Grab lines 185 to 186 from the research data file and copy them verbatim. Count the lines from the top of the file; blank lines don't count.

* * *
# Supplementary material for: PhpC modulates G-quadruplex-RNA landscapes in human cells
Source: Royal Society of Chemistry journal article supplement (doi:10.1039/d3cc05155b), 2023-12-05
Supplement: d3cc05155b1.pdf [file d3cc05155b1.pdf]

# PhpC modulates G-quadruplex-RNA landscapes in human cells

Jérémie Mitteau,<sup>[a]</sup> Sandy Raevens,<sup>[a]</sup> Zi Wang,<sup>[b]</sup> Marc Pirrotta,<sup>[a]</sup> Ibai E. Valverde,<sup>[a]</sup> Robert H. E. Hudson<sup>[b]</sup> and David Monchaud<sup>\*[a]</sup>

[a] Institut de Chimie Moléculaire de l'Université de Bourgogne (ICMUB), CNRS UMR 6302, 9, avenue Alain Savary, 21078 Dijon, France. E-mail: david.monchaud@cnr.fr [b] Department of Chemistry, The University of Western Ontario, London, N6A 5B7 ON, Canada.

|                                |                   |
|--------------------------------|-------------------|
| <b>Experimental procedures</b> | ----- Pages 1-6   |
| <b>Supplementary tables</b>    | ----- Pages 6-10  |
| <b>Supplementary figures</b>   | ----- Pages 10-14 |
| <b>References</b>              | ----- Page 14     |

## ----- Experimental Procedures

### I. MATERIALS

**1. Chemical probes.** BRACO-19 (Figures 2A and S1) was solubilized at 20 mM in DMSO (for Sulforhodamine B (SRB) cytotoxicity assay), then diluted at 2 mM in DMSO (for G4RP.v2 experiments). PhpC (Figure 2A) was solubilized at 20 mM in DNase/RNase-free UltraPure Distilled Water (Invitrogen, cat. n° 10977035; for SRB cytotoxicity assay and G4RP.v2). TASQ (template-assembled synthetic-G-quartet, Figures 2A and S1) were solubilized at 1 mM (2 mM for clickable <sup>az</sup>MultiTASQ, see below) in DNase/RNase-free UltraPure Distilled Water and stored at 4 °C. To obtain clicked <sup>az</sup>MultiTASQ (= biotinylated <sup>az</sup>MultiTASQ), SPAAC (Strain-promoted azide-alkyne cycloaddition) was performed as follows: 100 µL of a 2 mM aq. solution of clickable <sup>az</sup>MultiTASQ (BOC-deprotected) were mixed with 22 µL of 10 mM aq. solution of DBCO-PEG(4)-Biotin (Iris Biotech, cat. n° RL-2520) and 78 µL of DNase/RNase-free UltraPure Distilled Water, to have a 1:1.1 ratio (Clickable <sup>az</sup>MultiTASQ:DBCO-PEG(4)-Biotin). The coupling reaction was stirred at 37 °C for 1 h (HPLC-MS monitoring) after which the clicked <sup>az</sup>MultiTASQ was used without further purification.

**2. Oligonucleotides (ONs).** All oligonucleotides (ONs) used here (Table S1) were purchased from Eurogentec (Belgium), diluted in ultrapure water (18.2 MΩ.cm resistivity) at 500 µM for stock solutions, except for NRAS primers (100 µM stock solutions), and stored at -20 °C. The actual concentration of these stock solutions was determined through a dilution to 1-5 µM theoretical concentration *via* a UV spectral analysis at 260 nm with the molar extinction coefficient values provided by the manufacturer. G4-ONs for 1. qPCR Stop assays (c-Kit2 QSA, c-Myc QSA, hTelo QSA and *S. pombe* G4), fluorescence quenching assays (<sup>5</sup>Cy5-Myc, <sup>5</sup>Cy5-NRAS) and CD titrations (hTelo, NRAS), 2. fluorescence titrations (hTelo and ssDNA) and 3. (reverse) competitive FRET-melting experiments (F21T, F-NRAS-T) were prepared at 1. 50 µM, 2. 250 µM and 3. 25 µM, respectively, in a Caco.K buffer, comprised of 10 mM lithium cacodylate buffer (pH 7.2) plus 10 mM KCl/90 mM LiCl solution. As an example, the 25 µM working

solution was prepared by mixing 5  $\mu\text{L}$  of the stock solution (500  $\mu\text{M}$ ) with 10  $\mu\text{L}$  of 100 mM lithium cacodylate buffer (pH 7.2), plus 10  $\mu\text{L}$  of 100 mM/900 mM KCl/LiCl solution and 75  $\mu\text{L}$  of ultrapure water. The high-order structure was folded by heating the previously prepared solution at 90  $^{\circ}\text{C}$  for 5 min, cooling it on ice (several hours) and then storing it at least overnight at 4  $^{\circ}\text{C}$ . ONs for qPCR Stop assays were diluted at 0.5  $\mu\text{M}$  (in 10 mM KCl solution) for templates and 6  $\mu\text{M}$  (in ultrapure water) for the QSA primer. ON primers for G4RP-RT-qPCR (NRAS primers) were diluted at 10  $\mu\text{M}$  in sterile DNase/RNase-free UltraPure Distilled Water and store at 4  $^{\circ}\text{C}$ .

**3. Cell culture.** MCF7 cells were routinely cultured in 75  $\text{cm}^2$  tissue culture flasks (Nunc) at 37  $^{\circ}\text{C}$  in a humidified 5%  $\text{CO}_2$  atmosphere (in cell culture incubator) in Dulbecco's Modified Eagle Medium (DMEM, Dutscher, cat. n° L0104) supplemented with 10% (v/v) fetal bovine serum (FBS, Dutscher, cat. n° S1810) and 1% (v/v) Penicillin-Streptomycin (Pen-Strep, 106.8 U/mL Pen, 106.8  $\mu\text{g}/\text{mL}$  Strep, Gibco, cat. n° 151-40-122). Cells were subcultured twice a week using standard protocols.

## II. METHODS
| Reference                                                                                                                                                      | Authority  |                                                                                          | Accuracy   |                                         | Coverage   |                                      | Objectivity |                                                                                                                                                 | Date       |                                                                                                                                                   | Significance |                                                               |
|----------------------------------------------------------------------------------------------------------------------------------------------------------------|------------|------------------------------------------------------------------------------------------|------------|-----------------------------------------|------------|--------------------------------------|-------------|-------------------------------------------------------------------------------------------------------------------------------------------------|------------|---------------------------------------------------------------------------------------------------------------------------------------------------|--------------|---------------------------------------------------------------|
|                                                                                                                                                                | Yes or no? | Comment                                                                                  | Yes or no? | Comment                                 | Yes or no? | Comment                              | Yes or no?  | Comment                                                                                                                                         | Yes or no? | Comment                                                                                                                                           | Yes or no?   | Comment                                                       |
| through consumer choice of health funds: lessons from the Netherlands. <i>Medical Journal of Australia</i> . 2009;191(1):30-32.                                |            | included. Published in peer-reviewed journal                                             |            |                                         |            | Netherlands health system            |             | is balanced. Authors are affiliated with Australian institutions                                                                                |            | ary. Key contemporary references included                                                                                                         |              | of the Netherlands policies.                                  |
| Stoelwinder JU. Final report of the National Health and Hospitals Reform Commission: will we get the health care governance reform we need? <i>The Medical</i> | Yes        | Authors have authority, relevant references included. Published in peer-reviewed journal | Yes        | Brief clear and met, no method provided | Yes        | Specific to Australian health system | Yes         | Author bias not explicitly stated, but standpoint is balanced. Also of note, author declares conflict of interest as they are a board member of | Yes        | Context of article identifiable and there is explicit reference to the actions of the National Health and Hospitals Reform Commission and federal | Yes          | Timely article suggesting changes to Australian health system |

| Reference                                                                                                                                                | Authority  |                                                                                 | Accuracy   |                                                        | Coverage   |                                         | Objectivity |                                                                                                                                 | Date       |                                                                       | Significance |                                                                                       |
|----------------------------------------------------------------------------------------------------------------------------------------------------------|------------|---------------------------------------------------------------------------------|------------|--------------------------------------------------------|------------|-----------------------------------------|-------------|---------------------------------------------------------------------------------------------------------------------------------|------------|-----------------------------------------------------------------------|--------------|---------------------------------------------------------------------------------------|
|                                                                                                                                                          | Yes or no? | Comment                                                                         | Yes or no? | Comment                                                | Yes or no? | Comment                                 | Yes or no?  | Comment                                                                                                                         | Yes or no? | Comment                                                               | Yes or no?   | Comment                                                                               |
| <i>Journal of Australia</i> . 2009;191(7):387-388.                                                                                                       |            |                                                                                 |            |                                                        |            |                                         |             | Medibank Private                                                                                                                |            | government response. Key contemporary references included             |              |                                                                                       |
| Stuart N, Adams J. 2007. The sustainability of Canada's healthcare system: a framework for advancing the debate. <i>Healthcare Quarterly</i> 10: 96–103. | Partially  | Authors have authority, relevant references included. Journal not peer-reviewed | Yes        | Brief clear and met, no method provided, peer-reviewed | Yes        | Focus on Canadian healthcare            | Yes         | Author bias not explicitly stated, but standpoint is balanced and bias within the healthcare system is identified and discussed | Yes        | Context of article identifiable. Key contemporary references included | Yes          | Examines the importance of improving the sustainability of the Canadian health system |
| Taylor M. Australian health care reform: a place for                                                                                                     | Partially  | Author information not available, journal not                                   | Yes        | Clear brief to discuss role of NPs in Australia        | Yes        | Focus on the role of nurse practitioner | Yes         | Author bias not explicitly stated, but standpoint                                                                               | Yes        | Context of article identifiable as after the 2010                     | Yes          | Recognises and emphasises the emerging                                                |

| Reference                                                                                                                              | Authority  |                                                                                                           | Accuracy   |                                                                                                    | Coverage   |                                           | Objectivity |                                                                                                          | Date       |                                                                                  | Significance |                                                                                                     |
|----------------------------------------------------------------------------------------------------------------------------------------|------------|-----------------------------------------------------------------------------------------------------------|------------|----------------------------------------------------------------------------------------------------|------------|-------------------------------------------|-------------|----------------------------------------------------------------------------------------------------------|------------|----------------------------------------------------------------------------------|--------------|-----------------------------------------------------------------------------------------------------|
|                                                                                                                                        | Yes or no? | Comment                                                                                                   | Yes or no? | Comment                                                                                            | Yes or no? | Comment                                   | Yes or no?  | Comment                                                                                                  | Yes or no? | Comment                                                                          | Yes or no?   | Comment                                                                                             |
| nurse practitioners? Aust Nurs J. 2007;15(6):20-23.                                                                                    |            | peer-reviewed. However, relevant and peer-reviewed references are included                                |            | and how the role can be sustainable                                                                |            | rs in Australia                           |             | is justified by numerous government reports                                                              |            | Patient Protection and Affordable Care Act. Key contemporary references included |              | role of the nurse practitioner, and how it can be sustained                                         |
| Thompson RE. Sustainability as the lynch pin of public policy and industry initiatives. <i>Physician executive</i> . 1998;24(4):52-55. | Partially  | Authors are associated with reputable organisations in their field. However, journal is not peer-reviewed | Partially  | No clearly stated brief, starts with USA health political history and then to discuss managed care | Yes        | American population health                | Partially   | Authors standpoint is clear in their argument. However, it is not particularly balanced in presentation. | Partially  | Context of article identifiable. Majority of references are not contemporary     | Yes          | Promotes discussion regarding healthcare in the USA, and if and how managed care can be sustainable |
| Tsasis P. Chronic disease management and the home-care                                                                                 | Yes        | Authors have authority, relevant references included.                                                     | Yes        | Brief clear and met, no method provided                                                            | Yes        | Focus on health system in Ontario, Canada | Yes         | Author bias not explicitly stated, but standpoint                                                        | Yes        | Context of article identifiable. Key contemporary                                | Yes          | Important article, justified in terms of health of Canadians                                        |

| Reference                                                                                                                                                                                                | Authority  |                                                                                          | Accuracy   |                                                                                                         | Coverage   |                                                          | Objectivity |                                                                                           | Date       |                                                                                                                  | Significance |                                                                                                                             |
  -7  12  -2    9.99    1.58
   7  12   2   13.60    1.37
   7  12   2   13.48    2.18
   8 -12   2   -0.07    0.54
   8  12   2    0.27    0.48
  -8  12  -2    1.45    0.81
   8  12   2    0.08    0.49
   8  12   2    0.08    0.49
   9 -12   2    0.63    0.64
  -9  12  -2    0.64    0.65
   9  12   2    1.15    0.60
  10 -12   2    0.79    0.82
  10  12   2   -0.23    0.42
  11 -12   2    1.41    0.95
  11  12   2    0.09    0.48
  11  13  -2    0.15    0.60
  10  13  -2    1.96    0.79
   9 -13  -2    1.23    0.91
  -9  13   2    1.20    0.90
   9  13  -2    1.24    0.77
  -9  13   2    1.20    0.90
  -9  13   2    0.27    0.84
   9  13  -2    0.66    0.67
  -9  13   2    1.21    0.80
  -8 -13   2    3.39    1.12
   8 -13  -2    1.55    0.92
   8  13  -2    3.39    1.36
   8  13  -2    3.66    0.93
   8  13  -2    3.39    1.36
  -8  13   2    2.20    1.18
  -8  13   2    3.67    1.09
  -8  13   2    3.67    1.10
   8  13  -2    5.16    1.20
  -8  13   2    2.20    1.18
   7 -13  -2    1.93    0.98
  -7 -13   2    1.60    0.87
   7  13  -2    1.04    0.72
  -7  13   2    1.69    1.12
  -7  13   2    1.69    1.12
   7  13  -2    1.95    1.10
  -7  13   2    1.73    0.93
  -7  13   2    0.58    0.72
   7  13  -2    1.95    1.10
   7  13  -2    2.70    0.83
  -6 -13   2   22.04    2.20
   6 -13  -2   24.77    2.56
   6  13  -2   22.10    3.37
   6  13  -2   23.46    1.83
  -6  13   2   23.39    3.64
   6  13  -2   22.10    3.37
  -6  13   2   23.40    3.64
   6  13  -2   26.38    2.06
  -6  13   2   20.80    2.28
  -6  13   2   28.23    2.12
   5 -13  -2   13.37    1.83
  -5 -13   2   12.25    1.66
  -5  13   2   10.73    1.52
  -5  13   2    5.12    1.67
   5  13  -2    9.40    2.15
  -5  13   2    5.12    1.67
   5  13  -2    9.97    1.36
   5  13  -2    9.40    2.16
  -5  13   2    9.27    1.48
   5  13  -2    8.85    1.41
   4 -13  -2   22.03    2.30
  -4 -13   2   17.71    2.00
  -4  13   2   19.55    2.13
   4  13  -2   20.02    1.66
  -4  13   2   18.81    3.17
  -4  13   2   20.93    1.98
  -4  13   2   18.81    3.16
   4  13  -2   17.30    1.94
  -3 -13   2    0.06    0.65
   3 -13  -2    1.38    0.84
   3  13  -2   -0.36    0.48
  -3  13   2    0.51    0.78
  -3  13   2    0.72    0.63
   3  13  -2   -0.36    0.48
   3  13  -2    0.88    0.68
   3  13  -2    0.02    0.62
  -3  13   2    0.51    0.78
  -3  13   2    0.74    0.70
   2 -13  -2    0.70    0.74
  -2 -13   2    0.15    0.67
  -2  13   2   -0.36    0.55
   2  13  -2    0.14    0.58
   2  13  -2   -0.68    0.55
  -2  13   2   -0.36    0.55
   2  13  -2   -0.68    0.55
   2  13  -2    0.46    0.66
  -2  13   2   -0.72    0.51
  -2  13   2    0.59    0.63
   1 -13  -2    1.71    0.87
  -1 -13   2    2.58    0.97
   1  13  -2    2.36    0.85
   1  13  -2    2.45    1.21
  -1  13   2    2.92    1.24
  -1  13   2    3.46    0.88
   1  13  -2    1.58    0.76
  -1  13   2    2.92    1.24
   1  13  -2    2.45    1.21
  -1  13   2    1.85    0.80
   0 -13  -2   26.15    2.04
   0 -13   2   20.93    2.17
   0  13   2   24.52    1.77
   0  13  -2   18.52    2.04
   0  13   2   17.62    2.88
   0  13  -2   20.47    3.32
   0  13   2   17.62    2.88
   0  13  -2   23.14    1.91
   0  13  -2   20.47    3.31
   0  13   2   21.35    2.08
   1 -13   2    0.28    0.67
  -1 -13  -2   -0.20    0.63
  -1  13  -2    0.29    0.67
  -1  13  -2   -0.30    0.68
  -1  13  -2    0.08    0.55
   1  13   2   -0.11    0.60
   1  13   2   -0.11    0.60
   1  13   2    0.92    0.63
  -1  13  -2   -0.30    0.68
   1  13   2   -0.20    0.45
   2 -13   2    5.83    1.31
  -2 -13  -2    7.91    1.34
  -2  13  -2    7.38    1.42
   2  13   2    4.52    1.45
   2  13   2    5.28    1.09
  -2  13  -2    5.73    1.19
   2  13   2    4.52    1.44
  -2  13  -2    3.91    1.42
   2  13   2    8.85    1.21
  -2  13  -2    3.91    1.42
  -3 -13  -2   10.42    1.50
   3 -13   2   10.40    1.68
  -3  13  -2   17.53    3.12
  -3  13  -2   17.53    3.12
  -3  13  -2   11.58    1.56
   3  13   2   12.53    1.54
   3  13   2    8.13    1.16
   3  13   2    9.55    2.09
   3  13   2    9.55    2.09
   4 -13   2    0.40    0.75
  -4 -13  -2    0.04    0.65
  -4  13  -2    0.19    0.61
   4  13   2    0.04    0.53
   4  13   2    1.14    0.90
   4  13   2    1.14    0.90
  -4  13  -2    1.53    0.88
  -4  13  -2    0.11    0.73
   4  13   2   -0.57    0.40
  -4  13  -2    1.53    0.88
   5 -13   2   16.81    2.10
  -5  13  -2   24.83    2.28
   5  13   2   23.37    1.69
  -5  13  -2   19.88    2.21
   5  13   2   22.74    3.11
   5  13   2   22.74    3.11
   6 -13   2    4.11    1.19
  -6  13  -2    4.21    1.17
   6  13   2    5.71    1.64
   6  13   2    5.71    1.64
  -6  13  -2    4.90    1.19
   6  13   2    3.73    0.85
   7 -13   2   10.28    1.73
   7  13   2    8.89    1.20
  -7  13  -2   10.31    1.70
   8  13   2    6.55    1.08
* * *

  -4  13  -2    1.53    0.88
  -4  13  -2    0.11    0.73